Posted: Fri Mar 18, 2005 12:20 pm
terri. Sure its practical, I have several. It's how the standard IR illuminators are made. Typically its an array of 10s to 100s of LEDs. I don't think the wavelength matters much because the cameras usually have a very broad range unless there is an IR filter in front of the lense (digicams often do). For the best bang/$, look for surplus IR illuminator assemblies. I see them frequently in Goldmine and All catalogs though a quick check didn't turn any up. Here's an example of one -
<p>30x30 is quite doable but you might want more than one. <p>If you find any cheap, drop me a line, I have one spot where my illuminators don't get to.<p>Phil<p>edit: a quick check on ebay turned up a bunch of hits for complete units - http://search.ebay.com/ir-illuminator_W0QQfclZ4QQfnuZ1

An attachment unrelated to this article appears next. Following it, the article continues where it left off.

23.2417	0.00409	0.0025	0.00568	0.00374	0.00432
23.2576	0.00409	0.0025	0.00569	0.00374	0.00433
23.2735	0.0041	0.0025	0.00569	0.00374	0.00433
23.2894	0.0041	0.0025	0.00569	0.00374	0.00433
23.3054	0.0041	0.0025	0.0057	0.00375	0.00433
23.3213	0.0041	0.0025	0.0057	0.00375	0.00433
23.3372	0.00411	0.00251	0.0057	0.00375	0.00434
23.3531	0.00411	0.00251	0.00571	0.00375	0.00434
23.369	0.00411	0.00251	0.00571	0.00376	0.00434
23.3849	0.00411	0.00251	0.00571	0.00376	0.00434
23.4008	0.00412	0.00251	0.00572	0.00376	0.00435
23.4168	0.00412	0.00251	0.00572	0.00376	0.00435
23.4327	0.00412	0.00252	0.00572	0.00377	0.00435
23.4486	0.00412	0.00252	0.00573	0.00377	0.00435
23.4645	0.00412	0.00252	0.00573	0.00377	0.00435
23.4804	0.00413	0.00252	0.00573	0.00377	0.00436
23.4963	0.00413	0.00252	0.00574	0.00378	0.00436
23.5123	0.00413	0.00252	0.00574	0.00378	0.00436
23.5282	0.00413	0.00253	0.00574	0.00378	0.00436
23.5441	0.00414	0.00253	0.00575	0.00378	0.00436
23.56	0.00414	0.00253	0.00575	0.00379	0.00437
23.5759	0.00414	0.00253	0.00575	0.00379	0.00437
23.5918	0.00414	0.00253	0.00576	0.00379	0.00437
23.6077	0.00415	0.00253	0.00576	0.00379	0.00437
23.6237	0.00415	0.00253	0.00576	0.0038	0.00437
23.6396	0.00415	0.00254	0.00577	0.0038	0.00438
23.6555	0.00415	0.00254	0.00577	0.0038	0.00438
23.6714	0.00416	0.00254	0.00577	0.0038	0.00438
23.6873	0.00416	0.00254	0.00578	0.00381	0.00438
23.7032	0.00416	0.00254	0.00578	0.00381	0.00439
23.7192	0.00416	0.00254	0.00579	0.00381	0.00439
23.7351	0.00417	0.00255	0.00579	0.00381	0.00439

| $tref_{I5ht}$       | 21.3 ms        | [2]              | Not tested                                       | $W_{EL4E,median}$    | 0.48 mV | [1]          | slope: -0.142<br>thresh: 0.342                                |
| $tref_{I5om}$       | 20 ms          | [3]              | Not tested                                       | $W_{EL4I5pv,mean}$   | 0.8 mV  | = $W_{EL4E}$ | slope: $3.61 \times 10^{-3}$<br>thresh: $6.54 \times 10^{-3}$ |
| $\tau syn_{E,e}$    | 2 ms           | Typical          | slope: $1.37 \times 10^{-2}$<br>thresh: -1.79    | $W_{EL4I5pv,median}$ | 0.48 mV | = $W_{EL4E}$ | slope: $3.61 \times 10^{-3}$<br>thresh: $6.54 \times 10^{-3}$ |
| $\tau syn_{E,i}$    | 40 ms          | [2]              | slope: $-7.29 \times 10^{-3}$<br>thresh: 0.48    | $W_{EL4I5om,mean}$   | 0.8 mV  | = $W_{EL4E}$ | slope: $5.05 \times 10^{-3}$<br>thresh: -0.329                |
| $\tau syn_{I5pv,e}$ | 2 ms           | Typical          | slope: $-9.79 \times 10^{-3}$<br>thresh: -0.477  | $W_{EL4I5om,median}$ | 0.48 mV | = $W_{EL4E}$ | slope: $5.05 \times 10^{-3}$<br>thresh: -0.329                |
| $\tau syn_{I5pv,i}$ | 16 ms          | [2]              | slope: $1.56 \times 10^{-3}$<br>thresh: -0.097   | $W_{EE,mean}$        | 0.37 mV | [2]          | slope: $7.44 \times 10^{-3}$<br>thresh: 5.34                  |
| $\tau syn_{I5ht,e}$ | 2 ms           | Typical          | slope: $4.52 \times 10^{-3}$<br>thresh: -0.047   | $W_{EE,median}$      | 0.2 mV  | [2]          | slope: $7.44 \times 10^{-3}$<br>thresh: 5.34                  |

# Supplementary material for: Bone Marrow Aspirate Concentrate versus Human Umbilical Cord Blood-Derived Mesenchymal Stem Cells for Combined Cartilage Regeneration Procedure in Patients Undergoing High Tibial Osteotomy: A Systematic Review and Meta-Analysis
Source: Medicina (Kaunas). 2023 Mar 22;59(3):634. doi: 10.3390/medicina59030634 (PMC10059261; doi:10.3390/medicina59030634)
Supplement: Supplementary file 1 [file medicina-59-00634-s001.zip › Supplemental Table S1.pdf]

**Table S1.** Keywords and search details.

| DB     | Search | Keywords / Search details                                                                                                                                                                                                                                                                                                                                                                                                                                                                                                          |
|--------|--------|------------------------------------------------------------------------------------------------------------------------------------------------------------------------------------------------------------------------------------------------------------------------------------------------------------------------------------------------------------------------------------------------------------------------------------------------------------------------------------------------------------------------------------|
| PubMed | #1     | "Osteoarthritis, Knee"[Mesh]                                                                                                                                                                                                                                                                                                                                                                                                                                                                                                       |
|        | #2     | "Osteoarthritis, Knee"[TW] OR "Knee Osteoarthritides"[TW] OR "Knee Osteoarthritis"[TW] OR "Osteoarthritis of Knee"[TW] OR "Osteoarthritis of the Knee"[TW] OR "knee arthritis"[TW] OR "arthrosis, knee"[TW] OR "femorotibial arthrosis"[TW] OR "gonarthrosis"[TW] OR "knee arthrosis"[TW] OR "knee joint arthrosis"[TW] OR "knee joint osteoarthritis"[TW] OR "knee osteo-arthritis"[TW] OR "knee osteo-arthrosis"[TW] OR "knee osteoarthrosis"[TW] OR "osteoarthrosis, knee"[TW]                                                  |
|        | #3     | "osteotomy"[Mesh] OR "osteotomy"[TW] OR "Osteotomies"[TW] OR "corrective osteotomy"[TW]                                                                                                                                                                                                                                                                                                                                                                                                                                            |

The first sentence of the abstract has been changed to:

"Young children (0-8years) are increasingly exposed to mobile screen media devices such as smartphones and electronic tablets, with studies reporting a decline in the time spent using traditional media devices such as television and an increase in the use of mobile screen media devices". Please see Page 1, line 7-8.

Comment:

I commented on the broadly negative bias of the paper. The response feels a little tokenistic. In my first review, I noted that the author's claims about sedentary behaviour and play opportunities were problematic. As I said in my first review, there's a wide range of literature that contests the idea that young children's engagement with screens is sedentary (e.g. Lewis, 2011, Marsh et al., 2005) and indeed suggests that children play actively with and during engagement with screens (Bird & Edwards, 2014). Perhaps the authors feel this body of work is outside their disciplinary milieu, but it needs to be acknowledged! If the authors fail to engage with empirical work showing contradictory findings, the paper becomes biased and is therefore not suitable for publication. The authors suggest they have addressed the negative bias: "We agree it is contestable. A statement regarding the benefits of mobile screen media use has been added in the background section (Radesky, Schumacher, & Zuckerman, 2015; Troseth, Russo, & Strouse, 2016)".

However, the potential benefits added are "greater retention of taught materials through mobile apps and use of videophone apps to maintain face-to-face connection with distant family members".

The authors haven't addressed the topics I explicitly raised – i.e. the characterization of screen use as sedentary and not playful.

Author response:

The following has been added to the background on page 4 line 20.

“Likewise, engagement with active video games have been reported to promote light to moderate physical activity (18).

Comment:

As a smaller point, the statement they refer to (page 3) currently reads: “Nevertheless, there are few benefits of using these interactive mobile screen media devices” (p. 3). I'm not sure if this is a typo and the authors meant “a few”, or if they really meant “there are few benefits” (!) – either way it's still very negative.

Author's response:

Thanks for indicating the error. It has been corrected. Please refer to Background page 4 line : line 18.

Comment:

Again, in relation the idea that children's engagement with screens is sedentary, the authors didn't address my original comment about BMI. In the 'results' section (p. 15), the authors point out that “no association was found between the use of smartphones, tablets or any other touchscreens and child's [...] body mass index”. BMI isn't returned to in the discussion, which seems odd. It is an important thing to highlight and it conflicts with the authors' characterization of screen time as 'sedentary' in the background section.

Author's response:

<p>[ March 18, 2005: Message edited by: philba ]</p>
Posted: Fri Mar 18, 2005 1:06 pm
One more thing to consider (probably not in your case):
What is the quality of lighting you want... that pick-light illumination of a walkway... or a higher quality? (I'm just curious... what color Are you using?)<p>If you desire low quality lighting, you can (in my experience) use Philba's method to do it. However, it will have a flickering effect in the periphery of your field of view (remember the old interlaced CRT's? same idea).
If you need a higher quality- lower perceived flickering - include that capacitor mentioned by Mike. <p>I'd also note... if driving multiple units at a distance from the power source.. carry the power to the LED using AC.. and convert to DC at the point of consumption... less voltage drop. That can be low voltage AC... just not DC until you USE it.